22 Aug 2016
As regular readers know, “The Career Indie Author” is being written in parts. The section below on book promotions belongs in Section V, “The Life Cycle of a Story.” This takes the reader through the process of writing a book, from deciding what to write, calculating a profit/loss statement, researching titles, what tools are useful in composing a book, editing and revision and designing the cover and ad copy.
E. Promotional Opportunities
If you’re still deciding among equally attractive projects, consider which one offers intriguing and potentially effective book promotions.
1. Groups: Are there tribes of people who could be interested in the subject of your book? Your series of mysteries about a P.I. who customizes his muscle car could be promoted to car groups and advertised at car shows. Veterans groups would want to hear about your memoir of D-Day. Your Sherlock Holmes pastiche could be sold at conventions such as 221BCon and Scintillation of Scions.
Considering potential tribes could also affect how you write your book. If you heroine loves swing music, you may want to emphasize her interest and mention current swing bands. Writing about them on your website could alert them about your book and mention you to their fans in return.
Note: I would only recommend this if you have a sincere interest in that subject. Deliberate cultivation of a group’s interest without being a fan yourself could result in a negative backlash if you’re found out.
2. Are there media outlets (magazines, media websites, and TV shows) who would be interested in your book or in having you as a guest? In our world of 24-hour news cycles, there is always a demand for knowledgeable and entertaining guests. Publishing a book gives you credibility as an expert and that can lead to media exposure and sales.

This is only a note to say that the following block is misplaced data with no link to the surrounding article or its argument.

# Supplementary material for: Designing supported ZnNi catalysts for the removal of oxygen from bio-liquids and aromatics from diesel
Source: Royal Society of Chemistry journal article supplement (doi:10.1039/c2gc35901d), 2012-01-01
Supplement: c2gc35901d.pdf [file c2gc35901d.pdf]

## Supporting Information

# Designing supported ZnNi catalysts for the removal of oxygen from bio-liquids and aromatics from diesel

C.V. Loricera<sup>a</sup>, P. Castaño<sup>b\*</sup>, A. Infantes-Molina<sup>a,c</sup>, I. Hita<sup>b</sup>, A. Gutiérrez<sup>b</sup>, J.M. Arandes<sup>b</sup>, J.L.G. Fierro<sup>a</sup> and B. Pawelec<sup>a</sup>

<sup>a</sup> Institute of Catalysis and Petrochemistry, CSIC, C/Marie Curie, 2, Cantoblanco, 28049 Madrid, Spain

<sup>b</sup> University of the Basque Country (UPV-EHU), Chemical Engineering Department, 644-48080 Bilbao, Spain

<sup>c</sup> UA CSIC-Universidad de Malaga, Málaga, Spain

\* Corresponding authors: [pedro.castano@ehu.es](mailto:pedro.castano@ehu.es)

Warning: Do not rely on this exposure to boost your career. One consequence of the 24-hour news cycle is that it takes a lot more impressions on viewers for your name and book to be remembered. Back in the “Mad Men” days of three major television networks, it was believed that three impressions were enough for a product to be remembered. Now, it’s believed to be seven or eight, or even higher!
3. Are there personalities or popular websites who could be approached for a blurb or cross-promotions? If you’re writing a book about politics, it’s possible to place an essay with Salon, Slate, or the Huffington Post, or to get a blurb from a well-known politician or journalist.
4. What kind of promotions could you do to support this subject? What would a video or podcast look like? Could you add a section to your website devoted to material used to write your book? One true-crime author who wrote about a shooting spree that was reported worldwide had a site created solely to promote his book. It contained links to newspaper reports, police reports, crime scene photos, interviews, and more.5. Can it be Kickstarted? The website that allows creators to solicit money for their projects has helped raise $100 million in the site’s first seven years. They include Josh Fruhlinger’s debut comic novel “The Enthusiast” ($20,159 raised), an illustrated edition of “Don Quixote” ($20,865), Megan Lavey-Heaton’s anthology of diverse fairy tales “Valor” ($109,965), and an anthology of speculative historical fiction about marginalized peoples “Long Hidden” ($31,597).
This is not to say that a book’s promotion value should be the determining factor in writing it. Consider James Joyce, who spent years writing not one but two long complex works solely for the purpose of wishing them into the world. The profit motive is a poor incentive for putting long hours and energy into a work, compared to the passion that the idea inspires.